To effectively utilize and interpret spatial analyses, substance use researchers, public health practitioners and policy makers should be familiar with some of the available data analytic techniques, each of which comes with advantages and drawbacks. In this chapter we first discuss three cluster detection tools and their associated software applications. We then present a Bayesian hierarchical approach, briefly reviewing its theoretical underpinnings, commonly used models, and how inferences may be drawn from a sample-based posterior distribution. We demonstrate the use of each approach on a set of substance abuse mortality data, comparing the results across the four tools. Our empiric illustration considers the role of neighborhood-level socioeconomic status (SES) in explaining opiate-related overdose deaths in New York City. We end with a discussion of the implications of the choice of technique and software on interpreting spatial analyses of substance abuse and conclude that the choice of a method will be driven by the question to be answered, data and software availability and the intended audience or context in which the research is being conducted.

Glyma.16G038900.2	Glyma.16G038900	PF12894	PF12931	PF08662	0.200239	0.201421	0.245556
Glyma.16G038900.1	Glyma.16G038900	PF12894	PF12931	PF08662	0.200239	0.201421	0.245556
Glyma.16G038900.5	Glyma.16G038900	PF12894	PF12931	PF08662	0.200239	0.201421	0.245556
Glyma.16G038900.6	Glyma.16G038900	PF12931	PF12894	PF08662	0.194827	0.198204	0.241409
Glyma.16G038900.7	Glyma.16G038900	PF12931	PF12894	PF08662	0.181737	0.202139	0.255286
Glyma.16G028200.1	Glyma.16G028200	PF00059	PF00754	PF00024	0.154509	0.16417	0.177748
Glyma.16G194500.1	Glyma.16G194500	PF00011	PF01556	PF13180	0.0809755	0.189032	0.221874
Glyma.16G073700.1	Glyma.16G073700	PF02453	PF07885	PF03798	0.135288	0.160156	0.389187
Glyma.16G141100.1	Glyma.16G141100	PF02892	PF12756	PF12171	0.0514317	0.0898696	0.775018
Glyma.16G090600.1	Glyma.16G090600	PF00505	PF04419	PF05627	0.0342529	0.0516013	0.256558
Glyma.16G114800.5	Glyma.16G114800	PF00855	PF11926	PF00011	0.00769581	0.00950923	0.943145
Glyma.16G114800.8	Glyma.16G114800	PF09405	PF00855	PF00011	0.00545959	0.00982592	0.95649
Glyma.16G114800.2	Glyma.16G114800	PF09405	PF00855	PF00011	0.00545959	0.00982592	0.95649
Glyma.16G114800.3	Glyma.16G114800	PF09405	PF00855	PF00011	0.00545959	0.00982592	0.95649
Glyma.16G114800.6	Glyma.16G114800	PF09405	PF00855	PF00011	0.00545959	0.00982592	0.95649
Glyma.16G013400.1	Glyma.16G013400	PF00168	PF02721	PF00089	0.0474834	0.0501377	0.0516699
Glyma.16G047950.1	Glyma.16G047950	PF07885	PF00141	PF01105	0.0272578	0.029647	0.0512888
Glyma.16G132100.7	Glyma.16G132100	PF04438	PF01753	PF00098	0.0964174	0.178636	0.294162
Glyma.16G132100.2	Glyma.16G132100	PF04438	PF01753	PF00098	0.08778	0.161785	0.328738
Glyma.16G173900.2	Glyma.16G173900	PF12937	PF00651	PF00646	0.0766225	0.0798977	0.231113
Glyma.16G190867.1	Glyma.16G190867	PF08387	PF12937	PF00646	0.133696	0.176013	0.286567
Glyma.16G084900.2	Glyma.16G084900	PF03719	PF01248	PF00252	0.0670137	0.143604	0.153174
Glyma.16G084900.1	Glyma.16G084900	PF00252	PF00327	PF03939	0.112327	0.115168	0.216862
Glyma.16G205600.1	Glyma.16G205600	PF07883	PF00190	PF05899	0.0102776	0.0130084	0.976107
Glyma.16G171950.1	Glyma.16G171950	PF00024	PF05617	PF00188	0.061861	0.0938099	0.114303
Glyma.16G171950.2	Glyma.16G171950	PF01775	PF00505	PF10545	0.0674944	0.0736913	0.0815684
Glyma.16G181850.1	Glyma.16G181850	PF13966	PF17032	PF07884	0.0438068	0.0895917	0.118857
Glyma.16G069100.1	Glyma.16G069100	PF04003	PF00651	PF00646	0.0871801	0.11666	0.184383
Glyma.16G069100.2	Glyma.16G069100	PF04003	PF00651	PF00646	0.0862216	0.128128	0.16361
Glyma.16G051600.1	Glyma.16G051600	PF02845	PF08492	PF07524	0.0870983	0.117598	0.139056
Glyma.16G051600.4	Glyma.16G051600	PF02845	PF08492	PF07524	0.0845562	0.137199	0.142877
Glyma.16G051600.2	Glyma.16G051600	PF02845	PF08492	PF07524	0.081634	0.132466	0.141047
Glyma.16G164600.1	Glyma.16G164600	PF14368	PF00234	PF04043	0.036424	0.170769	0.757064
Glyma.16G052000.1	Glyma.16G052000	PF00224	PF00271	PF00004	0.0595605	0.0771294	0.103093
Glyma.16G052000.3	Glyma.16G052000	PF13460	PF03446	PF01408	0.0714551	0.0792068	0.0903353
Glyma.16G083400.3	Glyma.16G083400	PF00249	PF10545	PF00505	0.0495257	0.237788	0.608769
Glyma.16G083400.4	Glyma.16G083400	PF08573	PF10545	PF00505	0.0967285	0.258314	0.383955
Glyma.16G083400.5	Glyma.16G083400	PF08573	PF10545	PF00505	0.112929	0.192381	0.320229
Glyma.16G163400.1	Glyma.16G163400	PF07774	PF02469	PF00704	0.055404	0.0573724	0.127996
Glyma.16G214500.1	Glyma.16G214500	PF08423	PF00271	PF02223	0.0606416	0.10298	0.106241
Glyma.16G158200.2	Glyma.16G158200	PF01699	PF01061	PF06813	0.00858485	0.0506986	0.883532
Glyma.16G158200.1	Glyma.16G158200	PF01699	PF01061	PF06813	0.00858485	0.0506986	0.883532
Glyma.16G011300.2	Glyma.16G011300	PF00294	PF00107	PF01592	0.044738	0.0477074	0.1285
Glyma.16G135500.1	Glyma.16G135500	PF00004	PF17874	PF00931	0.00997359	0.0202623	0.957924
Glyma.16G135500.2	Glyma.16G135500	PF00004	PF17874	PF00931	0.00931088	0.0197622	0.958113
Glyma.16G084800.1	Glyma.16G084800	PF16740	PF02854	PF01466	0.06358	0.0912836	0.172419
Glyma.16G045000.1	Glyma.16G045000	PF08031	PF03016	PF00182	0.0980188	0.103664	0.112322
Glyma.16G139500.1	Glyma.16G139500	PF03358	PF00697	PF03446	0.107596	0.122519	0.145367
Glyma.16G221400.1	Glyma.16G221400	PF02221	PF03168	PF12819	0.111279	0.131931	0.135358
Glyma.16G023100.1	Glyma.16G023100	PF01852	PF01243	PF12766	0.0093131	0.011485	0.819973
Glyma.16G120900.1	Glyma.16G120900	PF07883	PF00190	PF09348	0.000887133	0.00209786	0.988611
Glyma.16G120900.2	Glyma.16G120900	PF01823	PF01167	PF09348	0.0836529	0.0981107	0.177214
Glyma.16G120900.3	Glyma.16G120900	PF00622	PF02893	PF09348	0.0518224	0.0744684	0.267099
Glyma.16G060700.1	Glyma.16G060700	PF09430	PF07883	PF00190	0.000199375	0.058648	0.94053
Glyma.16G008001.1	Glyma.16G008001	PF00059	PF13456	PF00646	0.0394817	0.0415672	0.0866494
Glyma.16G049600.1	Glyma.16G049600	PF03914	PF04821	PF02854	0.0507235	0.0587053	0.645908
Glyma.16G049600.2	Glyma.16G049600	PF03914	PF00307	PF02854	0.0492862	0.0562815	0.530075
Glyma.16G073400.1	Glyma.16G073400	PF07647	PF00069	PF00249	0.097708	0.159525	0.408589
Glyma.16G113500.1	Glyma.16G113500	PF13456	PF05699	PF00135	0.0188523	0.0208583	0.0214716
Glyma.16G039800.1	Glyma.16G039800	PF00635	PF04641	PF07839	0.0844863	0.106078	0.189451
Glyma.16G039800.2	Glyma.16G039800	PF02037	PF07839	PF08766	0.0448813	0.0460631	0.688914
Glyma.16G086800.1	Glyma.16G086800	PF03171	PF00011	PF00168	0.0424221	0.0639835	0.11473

ASJC Scopus subject areas
- General Environmental Science
- General Earth and Planetary Sciences